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Preface The current chapter addresses the first research question in this dissertation, i.e. “What is the impact of firm size on the adoption of PES in smaller firms? Here, the goal is to refine the analysis that was presented in the former chapter and specifically focus on the interaction between the small scale of small firms and its impact on the ability and willingness of small firms to engage in PES. As became clear in chapter 3, however, extant literature on small business PES remains scarce to date. Hence, we decided to broaden the scope of the literature review, and include insights from the broader business and society scholarship. Given that the broader “corporate social responsibility” literature is dedicated to the investigation of organizational behavior that goes beyond legal expectations in addressing general social issues, of which the natural environment is a subset, the findings should be appropriate to PES as well. In addition, we also included reports and non Web of Science-papers and books in the review of this paper.

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4. Investigating the Impact of Firm Size on Small Business Social Responsibility: A Critical Review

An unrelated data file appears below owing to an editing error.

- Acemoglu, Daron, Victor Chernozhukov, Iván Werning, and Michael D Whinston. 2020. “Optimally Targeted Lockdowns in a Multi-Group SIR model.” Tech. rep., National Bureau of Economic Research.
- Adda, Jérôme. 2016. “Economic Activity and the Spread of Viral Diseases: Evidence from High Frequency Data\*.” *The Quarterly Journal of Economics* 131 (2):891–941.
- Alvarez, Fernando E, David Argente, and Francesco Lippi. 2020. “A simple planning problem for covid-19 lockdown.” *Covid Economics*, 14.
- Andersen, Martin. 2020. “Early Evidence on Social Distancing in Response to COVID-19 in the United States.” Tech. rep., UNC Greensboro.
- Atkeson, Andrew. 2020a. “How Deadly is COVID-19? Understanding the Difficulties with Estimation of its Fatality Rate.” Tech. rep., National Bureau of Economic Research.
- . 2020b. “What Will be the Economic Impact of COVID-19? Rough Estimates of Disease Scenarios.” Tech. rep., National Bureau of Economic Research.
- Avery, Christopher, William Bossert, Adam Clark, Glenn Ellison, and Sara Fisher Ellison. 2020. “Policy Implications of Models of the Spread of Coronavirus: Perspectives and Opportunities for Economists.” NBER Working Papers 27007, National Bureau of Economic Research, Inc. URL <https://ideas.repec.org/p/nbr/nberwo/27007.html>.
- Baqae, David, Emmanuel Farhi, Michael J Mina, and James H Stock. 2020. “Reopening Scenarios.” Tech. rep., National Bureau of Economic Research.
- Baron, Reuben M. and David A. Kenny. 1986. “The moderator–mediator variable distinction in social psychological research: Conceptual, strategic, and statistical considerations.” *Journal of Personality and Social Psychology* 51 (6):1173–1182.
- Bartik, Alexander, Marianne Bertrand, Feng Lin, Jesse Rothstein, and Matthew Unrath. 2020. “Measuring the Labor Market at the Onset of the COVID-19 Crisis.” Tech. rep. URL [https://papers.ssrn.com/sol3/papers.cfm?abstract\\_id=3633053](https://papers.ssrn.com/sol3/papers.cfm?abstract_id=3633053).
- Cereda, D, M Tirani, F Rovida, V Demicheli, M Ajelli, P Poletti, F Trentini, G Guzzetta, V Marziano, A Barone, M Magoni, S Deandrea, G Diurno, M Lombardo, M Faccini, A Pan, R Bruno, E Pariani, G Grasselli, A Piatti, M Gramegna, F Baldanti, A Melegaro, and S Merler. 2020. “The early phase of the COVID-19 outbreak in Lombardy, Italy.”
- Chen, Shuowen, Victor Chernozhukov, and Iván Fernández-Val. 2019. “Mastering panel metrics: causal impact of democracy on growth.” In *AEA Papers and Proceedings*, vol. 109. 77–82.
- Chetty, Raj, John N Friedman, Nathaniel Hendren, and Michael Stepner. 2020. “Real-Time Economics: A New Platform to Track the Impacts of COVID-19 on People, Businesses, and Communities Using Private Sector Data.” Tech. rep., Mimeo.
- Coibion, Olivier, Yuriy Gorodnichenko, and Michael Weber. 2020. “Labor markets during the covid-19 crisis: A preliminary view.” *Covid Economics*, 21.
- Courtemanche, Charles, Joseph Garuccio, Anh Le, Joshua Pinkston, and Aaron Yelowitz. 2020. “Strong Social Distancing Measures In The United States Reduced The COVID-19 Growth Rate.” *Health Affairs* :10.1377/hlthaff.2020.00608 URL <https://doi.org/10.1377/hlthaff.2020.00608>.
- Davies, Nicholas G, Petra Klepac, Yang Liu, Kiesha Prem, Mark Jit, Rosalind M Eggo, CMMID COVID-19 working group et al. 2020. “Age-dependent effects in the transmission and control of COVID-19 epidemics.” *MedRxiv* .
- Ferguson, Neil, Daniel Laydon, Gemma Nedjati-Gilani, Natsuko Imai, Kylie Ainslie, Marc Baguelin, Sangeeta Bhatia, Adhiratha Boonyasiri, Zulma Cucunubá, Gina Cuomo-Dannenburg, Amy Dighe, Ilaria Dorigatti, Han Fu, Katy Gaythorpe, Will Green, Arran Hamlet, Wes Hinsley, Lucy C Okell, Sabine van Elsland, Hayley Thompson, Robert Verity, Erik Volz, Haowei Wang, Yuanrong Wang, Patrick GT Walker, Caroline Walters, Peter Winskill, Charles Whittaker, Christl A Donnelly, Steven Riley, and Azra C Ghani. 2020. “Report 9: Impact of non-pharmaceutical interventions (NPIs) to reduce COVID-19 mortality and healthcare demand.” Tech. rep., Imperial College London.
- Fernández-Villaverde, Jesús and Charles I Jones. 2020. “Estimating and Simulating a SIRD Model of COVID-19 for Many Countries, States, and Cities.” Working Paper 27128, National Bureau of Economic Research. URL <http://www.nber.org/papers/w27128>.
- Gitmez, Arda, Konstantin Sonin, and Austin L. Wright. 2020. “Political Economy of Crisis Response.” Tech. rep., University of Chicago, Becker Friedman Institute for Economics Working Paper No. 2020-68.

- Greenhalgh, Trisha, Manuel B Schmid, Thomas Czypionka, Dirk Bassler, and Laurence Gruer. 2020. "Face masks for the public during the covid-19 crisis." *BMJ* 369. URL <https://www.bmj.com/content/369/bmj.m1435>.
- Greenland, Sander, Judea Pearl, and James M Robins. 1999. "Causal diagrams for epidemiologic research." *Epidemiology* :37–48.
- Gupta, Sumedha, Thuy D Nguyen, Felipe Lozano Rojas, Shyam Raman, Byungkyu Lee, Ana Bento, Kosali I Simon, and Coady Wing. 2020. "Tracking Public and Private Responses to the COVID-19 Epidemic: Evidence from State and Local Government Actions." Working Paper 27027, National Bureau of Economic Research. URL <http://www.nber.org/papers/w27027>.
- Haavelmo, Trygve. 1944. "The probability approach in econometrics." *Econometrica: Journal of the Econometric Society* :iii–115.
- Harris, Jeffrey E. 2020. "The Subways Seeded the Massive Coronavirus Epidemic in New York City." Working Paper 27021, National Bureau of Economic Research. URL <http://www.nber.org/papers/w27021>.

4.1. Introduction Over the last decades, Corporate Social Responsibility (CSR) has gained salience in academic literature (de Bakker, Groenewegen, & den Hond, 2005). However, although CSR can be applied to all sorts of businesses, regardless their size or sector, it has been predominantly investigated at the level of the larger firm (Spence, 1999; Hillary, 2000a;

Observatory of European SMEs, 2002; del Brío & Junquera, 2003; Werner & Spence, 2004).

A specific investigation of CSR in a small business context is important for three reasons. The first argument is that small and medium-sized enterprises (SMEs) constitute 99% of all business in the EU and are responsible for 66% of total employment and around 40 % of the total value added in the EU (Observatory of European SMEs, 2003). Their impact on society is therefore underestimated and ignoring SMEs in research is “in fact totally inappropriate” (Spence & Lozano, 2000). Second, implementing CSR in large enterprises is not necessarily the same in SMEs. Small firms are not little big firms (Dandridge, 1979; Welsh & White,